1. Set yourself targets. Good targets
I believe the main reason why I was displeased with my GCSEs was that I didn’t set myself high targets, I started off with Bs, mainly, and I realised at the end I could have got As and perhaps A*s for subjects I didn’t think I was much good at (though English, classics, and the whole writing family will always bring me down…). When A-levels came, I aimed for As, after some hesitation about the plausibility, then I aimed for >90% for three (mainly because over time I am unlikely to improve due to the difficulty curve). Even if you think you won’t get it in a million years, work for them.
2. Know what you’re doing
For me, economics was probably of relevance here. It was a brand new subject for me and I didn’t know what connected and what was relevant, and where to draw the line between relevant queries and queries irrelevant for my exam. Get your specification, and make sure you can do what it asks you to. It sometimes diverges from the contents of your book, and sometimes your book talks about topics disproportionately (economics, again).
3. Actually do some work
I didn’t do as much work as my stereotype suggests, a lot of the days I just did my homework, and some days I left it to the morning, but I won’t deny I didn’t do work. I can’t advise you much here, you find your own method. Personally, I found fear a greater motivation than satisfaction (unfortunately the fear motivation was a late bloomer – like a week before the exam). Writing notes will help I suppose, and perhaps do brainstorms (or the politically correct version), just do whatever floats your boat.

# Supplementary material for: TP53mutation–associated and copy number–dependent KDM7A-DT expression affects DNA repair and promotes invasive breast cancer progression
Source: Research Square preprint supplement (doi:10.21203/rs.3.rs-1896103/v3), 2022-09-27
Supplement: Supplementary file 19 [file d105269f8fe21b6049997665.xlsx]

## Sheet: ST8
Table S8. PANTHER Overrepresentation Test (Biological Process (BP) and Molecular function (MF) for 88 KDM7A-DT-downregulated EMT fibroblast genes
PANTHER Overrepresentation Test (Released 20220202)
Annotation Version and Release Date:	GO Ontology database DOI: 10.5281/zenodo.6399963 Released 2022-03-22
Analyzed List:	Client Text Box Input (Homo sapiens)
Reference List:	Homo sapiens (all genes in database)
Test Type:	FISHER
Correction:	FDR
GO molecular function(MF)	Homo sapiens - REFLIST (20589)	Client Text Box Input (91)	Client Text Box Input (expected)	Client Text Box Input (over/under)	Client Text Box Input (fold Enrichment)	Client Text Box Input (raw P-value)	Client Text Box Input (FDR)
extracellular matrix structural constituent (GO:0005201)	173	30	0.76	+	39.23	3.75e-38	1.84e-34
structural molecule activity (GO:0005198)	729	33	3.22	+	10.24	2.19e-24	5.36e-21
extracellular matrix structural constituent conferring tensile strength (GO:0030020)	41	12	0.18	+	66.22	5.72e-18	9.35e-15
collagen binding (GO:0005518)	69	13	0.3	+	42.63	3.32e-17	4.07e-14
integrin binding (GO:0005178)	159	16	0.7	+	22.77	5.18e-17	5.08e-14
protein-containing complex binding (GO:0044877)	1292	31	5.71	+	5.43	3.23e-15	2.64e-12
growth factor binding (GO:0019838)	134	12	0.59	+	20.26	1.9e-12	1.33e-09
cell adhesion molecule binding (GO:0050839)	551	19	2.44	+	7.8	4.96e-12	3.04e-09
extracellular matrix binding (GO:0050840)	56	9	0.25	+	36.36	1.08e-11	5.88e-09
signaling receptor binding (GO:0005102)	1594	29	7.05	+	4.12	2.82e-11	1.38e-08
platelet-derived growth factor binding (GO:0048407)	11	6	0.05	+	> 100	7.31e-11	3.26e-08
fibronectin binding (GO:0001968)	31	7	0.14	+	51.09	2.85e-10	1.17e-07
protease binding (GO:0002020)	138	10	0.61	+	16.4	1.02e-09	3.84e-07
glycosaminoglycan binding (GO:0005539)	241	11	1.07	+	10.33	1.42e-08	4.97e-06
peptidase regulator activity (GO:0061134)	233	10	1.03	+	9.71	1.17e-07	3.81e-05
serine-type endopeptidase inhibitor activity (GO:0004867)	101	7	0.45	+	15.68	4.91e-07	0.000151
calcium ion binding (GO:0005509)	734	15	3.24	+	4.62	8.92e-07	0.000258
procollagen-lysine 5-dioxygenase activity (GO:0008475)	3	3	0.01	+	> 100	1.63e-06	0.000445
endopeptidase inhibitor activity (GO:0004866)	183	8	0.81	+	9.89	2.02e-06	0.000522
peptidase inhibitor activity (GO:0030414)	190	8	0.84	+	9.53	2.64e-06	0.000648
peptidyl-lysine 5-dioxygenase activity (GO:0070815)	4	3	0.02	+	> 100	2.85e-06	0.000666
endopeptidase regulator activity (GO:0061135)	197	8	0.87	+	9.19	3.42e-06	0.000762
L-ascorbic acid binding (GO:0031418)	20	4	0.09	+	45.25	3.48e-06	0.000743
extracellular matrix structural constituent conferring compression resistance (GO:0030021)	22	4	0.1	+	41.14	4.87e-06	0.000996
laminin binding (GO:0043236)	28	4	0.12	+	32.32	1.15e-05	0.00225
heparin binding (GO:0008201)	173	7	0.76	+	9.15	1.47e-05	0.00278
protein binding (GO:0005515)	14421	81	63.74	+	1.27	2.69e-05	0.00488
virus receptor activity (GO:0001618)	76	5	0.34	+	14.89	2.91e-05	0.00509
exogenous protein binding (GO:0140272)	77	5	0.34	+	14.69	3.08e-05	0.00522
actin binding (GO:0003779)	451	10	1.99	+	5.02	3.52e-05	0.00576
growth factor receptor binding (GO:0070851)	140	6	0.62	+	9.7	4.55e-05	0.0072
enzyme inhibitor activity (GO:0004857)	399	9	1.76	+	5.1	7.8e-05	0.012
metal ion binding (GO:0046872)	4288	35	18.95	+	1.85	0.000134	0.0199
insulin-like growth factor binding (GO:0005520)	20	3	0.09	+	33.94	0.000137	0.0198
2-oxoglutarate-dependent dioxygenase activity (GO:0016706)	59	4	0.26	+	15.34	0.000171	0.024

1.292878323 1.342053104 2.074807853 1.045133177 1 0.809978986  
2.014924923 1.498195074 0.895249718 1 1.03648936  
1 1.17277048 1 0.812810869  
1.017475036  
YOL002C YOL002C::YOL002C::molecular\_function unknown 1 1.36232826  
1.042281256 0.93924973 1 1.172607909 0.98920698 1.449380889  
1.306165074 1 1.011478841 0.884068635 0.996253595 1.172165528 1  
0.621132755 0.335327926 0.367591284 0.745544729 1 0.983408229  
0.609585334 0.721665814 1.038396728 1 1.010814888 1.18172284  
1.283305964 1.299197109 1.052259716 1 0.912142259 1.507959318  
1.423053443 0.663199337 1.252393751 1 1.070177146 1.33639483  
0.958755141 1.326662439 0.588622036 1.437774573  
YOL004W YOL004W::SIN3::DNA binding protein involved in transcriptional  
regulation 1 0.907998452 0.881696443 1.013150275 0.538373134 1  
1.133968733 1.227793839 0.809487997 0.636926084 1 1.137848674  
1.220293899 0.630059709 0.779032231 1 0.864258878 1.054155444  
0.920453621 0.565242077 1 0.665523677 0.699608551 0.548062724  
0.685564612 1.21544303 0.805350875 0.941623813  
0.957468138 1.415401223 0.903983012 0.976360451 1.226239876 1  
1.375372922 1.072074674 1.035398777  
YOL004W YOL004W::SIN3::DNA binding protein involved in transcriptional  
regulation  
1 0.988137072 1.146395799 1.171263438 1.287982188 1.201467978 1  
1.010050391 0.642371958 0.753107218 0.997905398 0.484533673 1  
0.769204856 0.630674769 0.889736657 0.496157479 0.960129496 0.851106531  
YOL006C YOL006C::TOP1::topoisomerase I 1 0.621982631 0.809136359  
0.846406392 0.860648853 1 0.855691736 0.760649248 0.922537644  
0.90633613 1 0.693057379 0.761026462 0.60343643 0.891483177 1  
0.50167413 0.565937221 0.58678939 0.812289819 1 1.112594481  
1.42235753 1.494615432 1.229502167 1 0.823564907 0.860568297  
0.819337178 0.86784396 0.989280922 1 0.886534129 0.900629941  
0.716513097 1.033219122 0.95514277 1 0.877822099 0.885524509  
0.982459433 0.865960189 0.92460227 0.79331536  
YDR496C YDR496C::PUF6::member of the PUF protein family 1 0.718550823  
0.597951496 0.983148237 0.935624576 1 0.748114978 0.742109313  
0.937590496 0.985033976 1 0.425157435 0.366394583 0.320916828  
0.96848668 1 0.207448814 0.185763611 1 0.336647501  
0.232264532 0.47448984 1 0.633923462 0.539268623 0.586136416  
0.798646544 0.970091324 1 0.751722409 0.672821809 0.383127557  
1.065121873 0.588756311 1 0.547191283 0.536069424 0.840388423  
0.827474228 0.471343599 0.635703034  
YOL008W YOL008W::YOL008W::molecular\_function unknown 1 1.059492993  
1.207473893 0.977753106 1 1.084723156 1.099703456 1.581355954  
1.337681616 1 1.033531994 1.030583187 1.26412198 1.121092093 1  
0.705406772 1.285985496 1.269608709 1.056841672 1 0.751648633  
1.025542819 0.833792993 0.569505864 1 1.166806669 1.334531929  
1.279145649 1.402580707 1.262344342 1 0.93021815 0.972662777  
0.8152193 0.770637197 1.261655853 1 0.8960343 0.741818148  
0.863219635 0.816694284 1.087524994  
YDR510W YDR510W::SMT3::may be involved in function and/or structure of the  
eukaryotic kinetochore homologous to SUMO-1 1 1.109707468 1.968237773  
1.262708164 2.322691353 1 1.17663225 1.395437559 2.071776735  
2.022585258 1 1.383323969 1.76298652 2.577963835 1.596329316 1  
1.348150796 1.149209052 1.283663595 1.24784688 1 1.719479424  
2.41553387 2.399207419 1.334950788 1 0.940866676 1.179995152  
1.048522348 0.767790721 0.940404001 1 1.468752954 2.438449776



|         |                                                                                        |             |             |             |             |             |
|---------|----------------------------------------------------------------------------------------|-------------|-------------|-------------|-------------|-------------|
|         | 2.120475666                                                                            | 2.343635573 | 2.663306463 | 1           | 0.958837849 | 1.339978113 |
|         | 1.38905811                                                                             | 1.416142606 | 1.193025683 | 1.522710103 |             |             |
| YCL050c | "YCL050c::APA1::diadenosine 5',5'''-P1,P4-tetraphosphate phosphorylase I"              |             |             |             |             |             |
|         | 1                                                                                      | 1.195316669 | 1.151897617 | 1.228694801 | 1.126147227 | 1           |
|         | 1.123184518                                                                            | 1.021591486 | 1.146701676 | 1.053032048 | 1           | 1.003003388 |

4. Past papers and mark schemes
If you do physics, chemistry and/or economics and you haven’t seen the A-level stuff section, you’re a bit of a fool. Any relevant past papers, mark schemes, and other crap I find online I put there. Some exams repeat questions, so memorising the mark scheme could be your ticket, especially for definitions (but I guess you’re fucked in this area if you do English or something). I think they were the main helping hand for the sciences.
5. Pray for a snow day (or snow week)
Leaving most of my work to the end wasn’t wise, but without that snow day I’d have had to rely on what I hesitate to call study leave. As I’m sceptical that snow will fall during May, don’t leave your work to the end.
6. ‘Do the questions. Get them right.’
A friend told me that like a day or something before the C1 maths exam. There’s not really another way about it, don’t panic, don’t let a bad question have collateral damage on others, and work efficiently to preserve your scarce time. Finally, don’t give up. I’ve realised you can be at the height of pessimism and still get a good grade.
Don’t take this as an absolute, obviously. It might help, but some maxims are quite obvious and you probably do them. This has just worked in my experience, in the same way that my Mac has as opposed to my Windows predecessors.